The Berlin-born conductor Christian Thielemann is not unassociated with controversy. Earlier this year, when the Berlin Philharmonic was deciding on a successor to Simon Rattle, he was in the running but, after a tense stalemate, the Russian Kirill Petrenko was appointed. Had he got the job, he would have been the orchestra's first German music director since the Nazi era. He was, however, subsequently appointed music director of the Bayreuth Festival.
Thielemann's book, My Life with Wagner, written with the German journalist Christine Lemke-Matwey and now translated into English, highlights the knotty, unresolved questions, which all music lovers have to face, relating to the Third Reich's favourite composer.
No great artist makes the relationship between ethics and aesthetics, ideology and art, history and its transcendence, more problematic and contradictory than Richard Wagner. He achieved unheard of heights and open-mindedness in music, and, as a writer, equally unheard of depths and bigotry in his virulently anti-Semitic essay "Jewishness in Music".
Thielemann is a passionate advocate for the music of Wagner, which has obsessed him since childhood. Where this book really works is in its focus on the minutiae of performance. It viscerally exposes the levels of perfectionism required in the virtuoso.
Without alienating the lay reader with technical musicological analysis, it gets across the complexity of a Wagner score and the infinite interpretation possibilities out of which the conductor has to produce a narrative. The highest levels can be achieved only when attention to detail becomes a near-religion. But the best performances can only occur when the Apollonian drive for control over-reaches itself to the extent that irrational Dionysian excess bursts through (Nietzsche is an unspoken presence).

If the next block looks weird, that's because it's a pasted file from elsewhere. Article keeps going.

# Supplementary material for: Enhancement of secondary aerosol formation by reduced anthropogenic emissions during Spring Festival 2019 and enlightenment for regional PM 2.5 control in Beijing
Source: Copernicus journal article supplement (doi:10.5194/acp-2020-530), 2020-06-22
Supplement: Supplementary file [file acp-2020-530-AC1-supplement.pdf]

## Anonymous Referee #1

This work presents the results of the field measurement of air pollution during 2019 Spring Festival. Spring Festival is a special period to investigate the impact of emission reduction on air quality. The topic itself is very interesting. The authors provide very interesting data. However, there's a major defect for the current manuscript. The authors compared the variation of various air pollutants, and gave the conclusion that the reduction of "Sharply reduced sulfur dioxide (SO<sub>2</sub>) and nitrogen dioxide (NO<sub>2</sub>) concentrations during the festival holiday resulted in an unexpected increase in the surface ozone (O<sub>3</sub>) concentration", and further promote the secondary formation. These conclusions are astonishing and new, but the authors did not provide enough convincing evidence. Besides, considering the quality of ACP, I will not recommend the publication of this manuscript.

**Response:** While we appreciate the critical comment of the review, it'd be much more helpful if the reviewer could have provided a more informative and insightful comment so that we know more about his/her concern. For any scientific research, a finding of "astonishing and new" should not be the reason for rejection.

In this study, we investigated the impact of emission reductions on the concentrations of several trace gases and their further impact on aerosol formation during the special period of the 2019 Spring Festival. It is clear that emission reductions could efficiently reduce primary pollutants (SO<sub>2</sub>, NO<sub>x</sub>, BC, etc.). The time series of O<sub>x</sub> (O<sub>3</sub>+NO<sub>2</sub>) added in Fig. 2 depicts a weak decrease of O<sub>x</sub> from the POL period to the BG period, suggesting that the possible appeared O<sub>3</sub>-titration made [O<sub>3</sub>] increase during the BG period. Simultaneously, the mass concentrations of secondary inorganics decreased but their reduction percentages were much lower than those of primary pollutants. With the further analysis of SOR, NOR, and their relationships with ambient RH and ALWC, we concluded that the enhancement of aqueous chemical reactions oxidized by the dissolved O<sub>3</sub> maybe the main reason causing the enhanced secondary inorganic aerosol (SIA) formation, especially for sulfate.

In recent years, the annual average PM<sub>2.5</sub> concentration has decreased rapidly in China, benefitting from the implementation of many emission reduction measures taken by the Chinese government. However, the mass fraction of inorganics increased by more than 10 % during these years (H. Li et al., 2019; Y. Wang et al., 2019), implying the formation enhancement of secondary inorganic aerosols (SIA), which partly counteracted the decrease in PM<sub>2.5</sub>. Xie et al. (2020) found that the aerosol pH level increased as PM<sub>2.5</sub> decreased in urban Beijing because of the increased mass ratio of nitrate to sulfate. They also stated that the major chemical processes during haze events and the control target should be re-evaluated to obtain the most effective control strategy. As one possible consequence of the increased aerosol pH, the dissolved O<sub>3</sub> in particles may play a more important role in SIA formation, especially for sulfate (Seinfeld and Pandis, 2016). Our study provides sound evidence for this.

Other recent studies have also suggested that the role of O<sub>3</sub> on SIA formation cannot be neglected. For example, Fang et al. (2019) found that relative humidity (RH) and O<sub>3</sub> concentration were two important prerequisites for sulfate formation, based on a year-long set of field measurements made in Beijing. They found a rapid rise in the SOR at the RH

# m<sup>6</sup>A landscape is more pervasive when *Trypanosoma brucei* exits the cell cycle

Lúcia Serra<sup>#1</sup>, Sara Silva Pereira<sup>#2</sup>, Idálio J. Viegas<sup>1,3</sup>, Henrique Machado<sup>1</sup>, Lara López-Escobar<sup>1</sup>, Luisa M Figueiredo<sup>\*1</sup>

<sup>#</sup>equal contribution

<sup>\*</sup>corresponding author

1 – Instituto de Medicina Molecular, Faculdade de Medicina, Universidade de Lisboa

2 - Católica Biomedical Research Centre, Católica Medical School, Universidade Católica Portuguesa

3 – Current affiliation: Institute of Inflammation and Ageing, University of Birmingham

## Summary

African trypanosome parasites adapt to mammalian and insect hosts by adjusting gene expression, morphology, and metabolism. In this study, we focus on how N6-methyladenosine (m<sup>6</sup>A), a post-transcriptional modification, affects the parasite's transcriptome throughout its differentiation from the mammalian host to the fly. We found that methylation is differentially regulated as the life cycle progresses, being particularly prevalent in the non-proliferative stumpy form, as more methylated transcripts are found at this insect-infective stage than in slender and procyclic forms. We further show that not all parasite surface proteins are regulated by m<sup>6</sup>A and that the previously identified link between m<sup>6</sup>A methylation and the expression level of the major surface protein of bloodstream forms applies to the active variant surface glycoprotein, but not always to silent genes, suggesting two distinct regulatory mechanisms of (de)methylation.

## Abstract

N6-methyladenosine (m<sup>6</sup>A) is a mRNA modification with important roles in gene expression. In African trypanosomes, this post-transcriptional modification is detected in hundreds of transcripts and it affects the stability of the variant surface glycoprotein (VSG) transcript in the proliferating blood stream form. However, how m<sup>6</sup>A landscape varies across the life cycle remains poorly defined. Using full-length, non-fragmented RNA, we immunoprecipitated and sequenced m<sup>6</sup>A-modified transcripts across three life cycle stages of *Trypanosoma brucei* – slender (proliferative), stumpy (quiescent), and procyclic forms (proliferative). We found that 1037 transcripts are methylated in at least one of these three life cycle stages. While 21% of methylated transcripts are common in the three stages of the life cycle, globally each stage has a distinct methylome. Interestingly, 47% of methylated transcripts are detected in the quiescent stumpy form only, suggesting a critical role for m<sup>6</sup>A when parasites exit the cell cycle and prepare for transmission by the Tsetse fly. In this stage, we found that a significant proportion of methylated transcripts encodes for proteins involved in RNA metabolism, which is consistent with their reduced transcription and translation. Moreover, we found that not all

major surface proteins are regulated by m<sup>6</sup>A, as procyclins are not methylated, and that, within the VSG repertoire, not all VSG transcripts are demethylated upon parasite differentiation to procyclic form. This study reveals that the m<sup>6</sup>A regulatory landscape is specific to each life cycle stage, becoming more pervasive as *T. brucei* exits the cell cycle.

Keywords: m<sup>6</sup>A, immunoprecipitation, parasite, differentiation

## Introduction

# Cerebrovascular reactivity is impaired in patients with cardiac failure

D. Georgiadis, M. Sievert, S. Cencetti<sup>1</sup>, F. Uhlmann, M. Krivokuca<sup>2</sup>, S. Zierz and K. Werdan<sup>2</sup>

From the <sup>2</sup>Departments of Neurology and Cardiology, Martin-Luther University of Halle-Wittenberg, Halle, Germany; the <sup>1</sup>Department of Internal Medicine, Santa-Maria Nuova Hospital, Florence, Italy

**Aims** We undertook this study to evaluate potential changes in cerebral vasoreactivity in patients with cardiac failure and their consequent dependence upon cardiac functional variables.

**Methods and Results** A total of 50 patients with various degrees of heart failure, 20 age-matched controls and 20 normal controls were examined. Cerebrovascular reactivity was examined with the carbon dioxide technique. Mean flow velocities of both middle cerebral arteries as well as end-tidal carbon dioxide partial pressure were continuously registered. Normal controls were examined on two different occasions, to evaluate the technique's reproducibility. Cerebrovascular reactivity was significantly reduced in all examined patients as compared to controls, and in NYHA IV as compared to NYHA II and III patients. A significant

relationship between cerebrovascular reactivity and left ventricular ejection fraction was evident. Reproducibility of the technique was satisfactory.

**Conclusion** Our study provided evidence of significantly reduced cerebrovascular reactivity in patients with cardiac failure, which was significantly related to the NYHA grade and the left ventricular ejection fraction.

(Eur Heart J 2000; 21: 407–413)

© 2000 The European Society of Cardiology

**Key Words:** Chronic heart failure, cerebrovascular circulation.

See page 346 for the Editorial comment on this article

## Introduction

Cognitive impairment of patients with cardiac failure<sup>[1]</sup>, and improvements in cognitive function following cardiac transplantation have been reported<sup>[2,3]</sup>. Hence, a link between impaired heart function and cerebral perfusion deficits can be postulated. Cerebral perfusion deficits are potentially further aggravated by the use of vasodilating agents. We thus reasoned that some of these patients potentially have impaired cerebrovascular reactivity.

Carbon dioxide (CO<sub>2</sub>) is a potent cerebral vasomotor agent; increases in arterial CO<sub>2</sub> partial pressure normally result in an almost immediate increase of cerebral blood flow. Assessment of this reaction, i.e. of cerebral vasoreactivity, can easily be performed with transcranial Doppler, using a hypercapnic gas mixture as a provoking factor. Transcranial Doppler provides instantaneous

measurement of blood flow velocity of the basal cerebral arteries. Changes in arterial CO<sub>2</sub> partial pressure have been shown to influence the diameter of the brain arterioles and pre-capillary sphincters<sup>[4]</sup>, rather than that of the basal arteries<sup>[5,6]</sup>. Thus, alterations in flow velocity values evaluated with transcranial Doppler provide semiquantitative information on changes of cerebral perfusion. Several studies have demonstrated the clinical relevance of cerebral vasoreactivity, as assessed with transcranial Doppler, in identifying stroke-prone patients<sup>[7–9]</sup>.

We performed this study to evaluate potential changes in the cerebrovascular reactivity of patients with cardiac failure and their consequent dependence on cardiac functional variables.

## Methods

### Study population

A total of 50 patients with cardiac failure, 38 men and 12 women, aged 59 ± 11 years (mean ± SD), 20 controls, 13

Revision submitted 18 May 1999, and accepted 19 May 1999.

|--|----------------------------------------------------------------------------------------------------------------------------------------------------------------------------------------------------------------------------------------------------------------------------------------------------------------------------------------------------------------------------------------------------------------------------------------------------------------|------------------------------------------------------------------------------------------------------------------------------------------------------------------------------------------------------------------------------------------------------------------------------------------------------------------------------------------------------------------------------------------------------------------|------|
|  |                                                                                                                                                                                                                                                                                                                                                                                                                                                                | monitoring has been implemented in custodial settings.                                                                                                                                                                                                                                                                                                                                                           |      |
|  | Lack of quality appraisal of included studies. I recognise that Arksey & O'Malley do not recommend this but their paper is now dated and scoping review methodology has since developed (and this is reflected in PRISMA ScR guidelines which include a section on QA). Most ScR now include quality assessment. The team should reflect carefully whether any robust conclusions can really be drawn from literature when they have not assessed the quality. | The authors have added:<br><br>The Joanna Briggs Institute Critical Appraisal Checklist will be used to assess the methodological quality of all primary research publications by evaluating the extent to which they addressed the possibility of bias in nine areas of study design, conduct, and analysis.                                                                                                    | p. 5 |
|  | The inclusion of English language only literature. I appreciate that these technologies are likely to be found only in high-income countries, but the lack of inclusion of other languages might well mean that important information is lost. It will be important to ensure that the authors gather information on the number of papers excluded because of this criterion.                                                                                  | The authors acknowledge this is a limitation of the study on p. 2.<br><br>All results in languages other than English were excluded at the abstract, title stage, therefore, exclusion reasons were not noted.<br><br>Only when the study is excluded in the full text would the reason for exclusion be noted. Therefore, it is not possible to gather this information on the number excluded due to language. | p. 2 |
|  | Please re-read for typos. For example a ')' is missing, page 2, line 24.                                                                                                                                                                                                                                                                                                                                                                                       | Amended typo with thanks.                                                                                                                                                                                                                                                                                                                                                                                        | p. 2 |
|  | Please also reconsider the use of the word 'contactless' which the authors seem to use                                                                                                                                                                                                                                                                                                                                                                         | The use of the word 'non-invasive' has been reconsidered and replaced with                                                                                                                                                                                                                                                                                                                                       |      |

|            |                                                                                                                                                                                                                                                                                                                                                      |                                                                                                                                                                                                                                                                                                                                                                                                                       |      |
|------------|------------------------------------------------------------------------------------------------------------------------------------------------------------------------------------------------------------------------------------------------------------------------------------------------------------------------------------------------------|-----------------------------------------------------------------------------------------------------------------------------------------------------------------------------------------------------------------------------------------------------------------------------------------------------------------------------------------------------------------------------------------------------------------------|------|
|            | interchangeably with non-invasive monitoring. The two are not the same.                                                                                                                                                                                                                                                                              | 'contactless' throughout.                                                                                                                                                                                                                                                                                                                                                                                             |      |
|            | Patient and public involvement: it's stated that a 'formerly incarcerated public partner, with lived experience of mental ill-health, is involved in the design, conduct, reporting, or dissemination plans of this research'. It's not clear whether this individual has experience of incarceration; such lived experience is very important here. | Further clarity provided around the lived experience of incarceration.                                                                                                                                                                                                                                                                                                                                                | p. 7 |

The trouble comes when Thielemann lambasts "political correctness" to the point where he asserts that only German speakers with a native-level understanding of the words should perform Wagner. This not only contradicts his more subtle and convincing point that Wagner's libretti are a sound-world in which semiotics are subordinated to syllabic musicality. It is hardly politic from a man who has been accused – however unjustly – of right-wing views and even of a throwaway anti-Semitic comment about his senior colleague Daniel Barenboim. The book does not explicitly allude to such controversies, but shows astonishingly little sensitivity in context. In a revealing comment about his obsession with music, Thielemann refers to his own "autistic attitude."
The worst moment is where Thielemann describes turning up to a rehearsal of the Ring at Bayreuth in a T-shirt featuring a caricature of Wagner's Jewish musical rival Mendelssohn with a huge hooked nose. He thinks it is funny that it looks like Wagner's second wife Cosima. That is not a joke Thielemann is entitled to make. It threatens to wipe out all his more nuanced biographical insights into the personal sources of the outsider Wagner's poisonous jealousy of the wealthy, upper-middle-class, privileged Mendelssohn, whose works he despised but frequently drew on for musical inspiration.
The moral of this book is that the meaning of great music is not limited by the intentions of the artist. Virtuosi are not moral geniuses, but their obsessional perfectionism can create astonishing, ambiguous things out of which audiences can make more – and better – than the composer or interpreter could ever have imagined.Reuse content